When I asked the coach of the Uiseong Middle School wrestling team, Lee Byung-chul, about the future of the sport, he told me that people interested in promoting ssireum need to emphasize its moral spirit.

The sport’s “Korean spirit” came up again and again in my interviews and research. It’s hard to define, but a rough translation includes words like “respect” and “politeness.” The way players bow to each other at the beginning and end of each match is often cited as an example of the sport’s spirit.

The coach’s answer about the Korean spirit when I asked about the future of the sport reveals a general theme in the way Koreans think about ssireum. To everyone I talked to, any conversation about the sport was always wrapped up in a sense of nostalgia and nationalism. Even in popular culture, ssireum is portrayed — as in the recent Korean blockbuster Ode to My Father — as part of a flashback, a sport of the past.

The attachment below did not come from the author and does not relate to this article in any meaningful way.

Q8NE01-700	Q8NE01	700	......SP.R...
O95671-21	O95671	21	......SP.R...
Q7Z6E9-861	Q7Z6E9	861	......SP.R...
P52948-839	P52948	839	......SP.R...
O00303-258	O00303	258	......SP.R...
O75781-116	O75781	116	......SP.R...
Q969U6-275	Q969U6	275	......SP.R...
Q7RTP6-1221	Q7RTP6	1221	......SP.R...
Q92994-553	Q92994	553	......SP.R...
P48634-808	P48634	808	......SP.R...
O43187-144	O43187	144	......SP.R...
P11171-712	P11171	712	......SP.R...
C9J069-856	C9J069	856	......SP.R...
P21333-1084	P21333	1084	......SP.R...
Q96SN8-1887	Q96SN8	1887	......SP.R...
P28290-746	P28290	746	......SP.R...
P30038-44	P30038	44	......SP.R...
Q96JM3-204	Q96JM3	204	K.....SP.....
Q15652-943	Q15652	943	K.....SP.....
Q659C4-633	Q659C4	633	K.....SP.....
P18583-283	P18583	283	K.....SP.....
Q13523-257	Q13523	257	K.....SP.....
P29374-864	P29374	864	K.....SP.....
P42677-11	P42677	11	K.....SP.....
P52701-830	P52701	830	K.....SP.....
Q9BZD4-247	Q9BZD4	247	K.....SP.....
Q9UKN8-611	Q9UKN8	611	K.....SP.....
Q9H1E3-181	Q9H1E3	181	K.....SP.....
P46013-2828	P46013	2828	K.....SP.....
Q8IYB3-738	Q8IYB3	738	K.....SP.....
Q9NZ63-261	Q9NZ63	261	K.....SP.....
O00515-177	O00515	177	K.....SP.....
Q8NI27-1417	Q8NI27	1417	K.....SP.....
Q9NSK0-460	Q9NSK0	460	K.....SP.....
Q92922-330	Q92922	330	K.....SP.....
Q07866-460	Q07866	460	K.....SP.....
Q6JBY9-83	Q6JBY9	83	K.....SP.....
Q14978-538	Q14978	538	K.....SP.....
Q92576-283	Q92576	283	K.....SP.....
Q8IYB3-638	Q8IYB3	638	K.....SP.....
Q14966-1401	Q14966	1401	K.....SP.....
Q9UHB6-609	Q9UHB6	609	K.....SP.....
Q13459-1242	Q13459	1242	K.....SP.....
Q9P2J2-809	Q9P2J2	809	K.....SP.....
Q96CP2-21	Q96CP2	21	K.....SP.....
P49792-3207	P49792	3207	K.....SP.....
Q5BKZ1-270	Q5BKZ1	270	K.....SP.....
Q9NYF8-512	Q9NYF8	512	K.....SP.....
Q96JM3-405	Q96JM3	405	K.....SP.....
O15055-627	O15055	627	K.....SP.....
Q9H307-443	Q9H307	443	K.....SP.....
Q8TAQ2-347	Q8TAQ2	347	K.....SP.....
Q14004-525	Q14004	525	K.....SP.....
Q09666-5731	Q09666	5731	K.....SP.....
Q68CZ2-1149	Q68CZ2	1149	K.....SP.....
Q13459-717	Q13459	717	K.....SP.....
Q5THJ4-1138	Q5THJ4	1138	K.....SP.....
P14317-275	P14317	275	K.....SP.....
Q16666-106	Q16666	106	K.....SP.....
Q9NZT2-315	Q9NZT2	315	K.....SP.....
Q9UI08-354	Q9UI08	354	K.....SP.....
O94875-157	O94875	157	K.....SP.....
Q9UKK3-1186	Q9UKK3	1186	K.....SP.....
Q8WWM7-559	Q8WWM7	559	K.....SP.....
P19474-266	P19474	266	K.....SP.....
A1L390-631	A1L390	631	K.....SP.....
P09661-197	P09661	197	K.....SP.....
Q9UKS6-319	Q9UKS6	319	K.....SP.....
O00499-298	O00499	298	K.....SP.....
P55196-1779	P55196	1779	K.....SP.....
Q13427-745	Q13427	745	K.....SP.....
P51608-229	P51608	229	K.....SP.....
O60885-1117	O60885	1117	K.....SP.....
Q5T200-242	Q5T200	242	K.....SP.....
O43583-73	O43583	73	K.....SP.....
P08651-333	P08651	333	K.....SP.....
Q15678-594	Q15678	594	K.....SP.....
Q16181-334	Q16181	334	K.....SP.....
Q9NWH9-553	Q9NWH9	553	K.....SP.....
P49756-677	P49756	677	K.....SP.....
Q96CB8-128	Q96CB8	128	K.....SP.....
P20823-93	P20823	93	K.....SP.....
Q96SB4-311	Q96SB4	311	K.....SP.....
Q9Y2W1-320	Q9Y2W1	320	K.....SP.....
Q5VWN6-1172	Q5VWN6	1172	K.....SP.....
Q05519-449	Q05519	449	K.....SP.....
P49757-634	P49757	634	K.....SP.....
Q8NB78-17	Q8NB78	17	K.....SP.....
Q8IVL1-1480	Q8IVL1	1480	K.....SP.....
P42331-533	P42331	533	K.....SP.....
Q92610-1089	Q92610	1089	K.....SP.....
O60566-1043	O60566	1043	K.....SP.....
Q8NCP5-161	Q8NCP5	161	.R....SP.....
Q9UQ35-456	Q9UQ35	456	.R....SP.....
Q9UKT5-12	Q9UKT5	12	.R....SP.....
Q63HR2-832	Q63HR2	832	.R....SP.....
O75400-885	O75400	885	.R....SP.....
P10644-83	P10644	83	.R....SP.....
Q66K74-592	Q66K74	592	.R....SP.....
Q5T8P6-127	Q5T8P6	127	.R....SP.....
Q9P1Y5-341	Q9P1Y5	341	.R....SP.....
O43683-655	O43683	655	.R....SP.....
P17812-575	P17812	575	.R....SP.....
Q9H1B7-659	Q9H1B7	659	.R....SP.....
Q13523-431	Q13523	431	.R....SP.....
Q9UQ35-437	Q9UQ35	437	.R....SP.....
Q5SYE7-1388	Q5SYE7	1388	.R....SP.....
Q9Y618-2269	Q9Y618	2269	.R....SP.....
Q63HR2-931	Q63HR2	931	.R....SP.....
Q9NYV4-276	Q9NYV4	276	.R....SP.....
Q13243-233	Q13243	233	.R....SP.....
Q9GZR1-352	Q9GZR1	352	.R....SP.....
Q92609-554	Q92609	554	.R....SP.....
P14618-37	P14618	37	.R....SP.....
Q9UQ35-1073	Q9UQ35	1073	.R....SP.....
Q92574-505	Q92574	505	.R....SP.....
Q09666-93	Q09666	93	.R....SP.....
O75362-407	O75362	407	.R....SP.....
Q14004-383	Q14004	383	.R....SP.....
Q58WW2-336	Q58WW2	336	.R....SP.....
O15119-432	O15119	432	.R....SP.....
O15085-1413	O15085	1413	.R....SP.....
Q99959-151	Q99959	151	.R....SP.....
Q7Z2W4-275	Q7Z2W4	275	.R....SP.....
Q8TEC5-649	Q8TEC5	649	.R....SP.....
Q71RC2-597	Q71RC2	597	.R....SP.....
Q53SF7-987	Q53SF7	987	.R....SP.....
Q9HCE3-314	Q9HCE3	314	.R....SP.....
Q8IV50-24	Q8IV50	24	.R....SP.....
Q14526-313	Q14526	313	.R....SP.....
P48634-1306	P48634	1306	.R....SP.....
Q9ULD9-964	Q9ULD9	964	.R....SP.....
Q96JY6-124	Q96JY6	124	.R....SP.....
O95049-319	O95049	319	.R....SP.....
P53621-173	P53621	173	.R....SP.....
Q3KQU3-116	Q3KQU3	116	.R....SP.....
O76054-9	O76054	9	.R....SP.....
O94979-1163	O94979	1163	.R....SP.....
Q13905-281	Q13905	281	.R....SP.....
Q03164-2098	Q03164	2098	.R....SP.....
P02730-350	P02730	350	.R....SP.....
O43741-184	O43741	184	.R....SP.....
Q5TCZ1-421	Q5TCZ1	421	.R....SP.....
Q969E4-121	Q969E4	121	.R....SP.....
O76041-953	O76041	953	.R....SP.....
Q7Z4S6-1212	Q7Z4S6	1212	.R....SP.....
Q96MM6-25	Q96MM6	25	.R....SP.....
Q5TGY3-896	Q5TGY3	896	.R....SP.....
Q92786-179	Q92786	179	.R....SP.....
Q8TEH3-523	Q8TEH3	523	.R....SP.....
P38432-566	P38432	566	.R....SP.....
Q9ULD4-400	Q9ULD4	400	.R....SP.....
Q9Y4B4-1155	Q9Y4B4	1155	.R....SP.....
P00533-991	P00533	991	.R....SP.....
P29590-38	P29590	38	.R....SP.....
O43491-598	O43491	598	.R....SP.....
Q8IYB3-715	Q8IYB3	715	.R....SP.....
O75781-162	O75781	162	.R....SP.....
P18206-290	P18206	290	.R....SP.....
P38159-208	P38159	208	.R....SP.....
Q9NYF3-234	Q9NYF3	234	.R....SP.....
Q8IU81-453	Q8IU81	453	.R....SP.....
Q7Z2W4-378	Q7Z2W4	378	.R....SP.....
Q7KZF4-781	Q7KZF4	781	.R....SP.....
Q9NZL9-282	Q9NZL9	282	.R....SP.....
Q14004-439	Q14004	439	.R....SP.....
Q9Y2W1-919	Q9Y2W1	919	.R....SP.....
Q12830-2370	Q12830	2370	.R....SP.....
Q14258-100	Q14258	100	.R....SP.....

Schools like Uiseong Middle School that invest in their ssireum programs and athletes are the exception, not the rule. Even in Uiseong, the rate of attrition among wrestlers is high and, by the coach’s estimate, only one or two will make it to the minor leagues. If ssireum continues down the path it’s heading in South Korea, it will only exist as a caricature of itself and not a real sport, watered down to a spectacle staged at cultural festivals.

The story of the Uiseong Middle School ssireum team gives us an interesting window into the future of the sport. Wrapped up in the team’s story, though, is the greater tension found across many spectrums of modern Korean life, where old cultural rites and traditions, whether making kimchi or performing ancestral worship, fail to take hold in the younger generation of South Koreans.